Boston Red Sox most controversial figures: Pinky Higgins
By Drew Athans
The third article in a series looking at the most controversial figures in Red Sox history focuses on former player, manager, and GM Pinky Higgins.
The third article in this series looking at the most controversial figures in Boston Red Sox history focuses on Mike “Pinky” Higgins. While the first part focused on an owner (Tom Yawkey) and the second part focused on a GM (Haywood Sullivan), this third part will look at a man who was a former Red Sox player, manager, and GM. Like the first two, he leaves behind a complicated and troubling legacy.
Born in Texas in 1909, Pinky Higgins enjoyed a fourteen year career as a major league third baseman, spent primarily with the Philadelphia Athletics and Detroit Tigers. However, he did spend time with the Red Sox between 1937 and 1938 and again in his final season of 1946. Higgins was one of the better hitting third baseman of his generation and finished his career with a .292 average, 140 home runs, 1075 RBI, 1941 hits, and made three All-Star teams.
After he retired, Higgins took a job managing in the Red Sox minor league system in 1947 and spent the next eight years working his way up the ranks before finally being named manager of the Boston Red Sox in 1955. His first few teams were good, finishing above .500 although never in contention for the pennant, but in 1959 they stumbled badly and he was fired mid-season.
Incredibly, instead of being let go, Higgins was promoted to “special assistant” to Tom Yawkey, who had become close friends with Higgins. The two enjoyed hunting and drinking together and it was this closeness that would keep Higgins with the Red Sox for far longer than his accomplishments would seem to merit. Even though he wasn’t listed as such, he began acting as de facto General Manager during this time.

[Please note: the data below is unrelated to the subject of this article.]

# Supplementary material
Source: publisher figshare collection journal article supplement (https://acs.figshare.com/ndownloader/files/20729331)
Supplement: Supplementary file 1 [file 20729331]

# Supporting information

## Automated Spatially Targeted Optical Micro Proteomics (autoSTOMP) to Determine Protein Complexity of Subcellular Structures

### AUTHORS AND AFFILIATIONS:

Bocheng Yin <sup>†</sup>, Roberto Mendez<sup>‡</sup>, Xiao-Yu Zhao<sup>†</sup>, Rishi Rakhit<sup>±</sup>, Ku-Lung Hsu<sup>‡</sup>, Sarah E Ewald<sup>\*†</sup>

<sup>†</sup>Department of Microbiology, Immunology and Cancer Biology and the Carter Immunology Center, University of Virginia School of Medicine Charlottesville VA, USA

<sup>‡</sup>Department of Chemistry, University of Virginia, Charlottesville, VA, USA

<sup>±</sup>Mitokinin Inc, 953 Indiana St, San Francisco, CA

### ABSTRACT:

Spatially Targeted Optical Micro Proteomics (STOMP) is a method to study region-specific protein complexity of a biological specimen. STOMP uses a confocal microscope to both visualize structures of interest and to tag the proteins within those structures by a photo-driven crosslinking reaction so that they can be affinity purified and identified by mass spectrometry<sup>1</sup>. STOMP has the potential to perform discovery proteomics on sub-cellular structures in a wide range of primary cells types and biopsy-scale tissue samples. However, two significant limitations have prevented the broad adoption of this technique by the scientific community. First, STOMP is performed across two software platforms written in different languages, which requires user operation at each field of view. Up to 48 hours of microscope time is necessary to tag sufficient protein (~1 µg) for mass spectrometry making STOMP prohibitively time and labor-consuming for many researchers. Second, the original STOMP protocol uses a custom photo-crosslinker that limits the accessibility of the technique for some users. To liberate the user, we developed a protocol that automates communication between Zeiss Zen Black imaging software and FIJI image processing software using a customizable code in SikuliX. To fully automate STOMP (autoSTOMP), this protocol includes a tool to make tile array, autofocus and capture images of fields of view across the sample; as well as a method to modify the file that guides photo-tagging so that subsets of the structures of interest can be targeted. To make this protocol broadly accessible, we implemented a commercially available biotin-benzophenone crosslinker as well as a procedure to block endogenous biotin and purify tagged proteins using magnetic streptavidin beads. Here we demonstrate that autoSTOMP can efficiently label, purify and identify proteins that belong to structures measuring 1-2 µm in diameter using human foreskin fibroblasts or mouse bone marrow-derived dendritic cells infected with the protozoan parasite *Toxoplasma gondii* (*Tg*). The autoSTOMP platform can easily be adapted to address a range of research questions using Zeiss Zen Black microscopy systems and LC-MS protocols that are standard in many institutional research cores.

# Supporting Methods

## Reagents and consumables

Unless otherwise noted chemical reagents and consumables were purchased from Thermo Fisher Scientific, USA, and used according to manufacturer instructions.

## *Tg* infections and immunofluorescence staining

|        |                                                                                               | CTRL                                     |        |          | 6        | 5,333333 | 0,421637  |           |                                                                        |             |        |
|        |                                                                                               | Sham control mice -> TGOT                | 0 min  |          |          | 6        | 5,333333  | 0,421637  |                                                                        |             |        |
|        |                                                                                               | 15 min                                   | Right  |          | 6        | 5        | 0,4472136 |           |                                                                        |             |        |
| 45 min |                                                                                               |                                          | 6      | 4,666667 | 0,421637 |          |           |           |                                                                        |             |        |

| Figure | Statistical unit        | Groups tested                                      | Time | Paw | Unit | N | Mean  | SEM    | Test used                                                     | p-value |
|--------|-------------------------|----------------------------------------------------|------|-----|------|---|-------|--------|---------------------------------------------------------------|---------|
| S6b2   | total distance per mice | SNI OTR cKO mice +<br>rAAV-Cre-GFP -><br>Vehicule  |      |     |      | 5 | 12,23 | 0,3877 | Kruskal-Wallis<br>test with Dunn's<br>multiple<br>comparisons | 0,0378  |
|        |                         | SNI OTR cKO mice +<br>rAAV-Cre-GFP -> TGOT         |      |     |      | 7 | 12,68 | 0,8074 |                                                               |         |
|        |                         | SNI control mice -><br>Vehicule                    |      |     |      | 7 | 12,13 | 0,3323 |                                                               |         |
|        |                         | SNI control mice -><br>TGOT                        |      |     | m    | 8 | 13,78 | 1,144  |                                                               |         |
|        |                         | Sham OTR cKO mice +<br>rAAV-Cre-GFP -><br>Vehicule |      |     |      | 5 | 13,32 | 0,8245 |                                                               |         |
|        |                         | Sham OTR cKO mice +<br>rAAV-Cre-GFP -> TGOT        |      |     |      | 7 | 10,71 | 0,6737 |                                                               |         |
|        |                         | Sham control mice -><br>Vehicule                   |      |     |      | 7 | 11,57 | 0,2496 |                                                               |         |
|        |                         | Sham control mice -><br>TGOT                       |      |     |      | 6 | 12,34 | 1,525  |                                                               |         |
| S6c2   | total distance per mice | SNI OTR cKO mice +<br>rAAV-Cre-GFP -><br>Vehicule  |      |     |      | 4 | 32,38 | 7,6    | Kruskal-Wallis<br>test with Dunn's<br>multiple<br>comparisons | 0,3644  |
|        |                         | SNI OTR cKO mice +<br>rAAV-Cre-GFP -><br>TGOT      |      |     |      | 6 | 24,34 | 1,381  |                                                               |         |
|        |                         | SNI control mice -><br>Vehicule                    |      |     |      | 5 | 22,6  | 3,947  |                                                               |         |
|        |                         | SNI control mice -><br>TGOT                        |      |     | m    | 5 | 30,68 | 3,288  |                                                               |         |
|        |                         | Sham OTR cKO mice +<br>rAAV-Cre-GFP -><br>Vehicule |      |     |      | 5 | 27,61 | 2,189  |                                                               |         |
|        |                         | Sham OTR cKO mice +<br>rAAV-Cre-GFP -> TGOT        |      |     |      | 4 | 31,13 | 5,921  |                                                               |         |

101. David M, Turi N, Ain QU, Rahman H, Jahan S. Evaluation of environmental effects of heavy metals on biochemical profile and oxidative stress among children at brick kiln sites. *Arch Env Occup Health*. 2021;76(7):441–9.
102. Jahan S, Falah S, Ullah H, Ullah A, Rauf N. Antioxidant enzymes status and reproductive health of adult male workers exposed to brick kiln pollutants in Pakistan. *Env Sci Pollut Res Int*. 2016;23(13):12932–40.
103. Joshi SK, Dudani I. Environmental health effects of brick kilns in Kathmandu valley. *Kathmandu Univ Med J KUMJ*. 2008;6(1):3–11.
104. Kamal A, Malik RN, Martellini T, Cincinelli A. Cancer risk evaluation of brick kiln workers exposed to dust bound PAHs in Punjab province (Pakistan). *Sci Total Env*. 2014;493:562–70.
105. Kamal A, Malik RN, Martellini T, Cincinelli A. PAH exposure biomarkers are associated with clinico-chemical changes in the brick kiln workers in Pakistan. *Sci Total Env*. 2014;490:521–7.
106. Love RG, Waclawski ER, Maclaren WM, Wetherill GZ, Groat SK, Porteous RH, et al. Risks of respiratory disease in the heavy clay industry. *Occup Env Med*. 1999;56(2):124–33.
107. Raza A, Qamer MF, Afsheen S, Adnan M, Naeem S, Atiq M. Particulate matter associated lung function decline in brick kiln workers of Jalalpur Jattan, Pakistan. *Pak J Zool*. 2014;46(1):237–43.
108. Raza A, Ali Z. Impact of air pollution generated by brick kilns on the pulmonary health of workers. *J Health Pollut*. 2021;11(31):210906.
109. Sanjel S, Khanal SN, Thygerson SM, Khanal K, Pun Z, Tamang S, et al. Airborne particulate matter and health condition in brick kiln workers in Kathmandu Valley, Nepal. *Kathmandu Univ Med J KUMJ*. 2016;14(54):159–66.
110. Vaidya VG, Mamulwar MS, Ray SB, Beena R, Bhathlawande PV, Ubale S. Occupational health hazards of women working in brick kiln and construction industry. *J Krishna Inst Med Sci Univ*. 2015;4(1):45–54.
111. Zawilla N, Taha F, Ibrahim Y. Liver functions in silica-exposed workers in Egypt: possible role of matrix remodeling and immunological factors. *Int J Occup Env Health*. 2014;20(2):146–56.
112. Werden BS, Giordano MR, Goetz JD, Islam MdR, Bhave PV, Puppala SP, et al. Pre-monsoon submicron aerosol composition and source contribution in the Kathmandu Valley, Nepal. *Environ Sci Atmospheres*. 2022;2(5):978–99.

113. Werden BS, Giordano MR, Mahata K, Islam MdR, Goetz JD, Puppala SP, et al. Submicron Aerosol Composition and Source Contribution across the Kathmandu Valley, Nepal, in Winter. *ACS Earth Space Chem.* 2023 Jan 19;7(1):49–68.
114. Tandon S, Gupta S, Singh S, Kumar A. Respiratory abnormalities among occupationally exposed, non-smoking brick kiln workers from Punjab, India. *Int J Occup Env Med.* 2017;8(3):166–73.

After he was installed as manager again in 1960, Higgins had an inordinate amount of say in how the Red Sox roster was constructed. It’s here that how controversial he truly was comes to the fore. In his second stint as manager, Higgins skippered the team until 1962 when he stepped down. He thus was in the unique position of having managed Ted Williams‘ final seasons as well as Carl Yastrzemski‘s first two seasons.
His overall managerial record with the Red Sox was 560-556. He enjoyed winning records in his first four seasons and losing records in his last four, but the Sox never came close to winning a pennant in any of those years. Still, his 560 wins were the second most for a manager in Red Sox history until Terry Francona surpassed Higgins in the late 2000s.
After leaving the field in 1962, Higgins was named GM and executive vice president. As a manager he was well liked by his players for being easygoing, but he clashed fiercely with new manager Johnny Pesky and was also known to be an inveterate racist. His playing career with Boston and the majority of his managerial career coincided during the 1950s when the Red Sox were the last team to integrate, in 1959. He was quoted as saying “there will be no [N-words] on this ball club as long as I have anything to say about it.”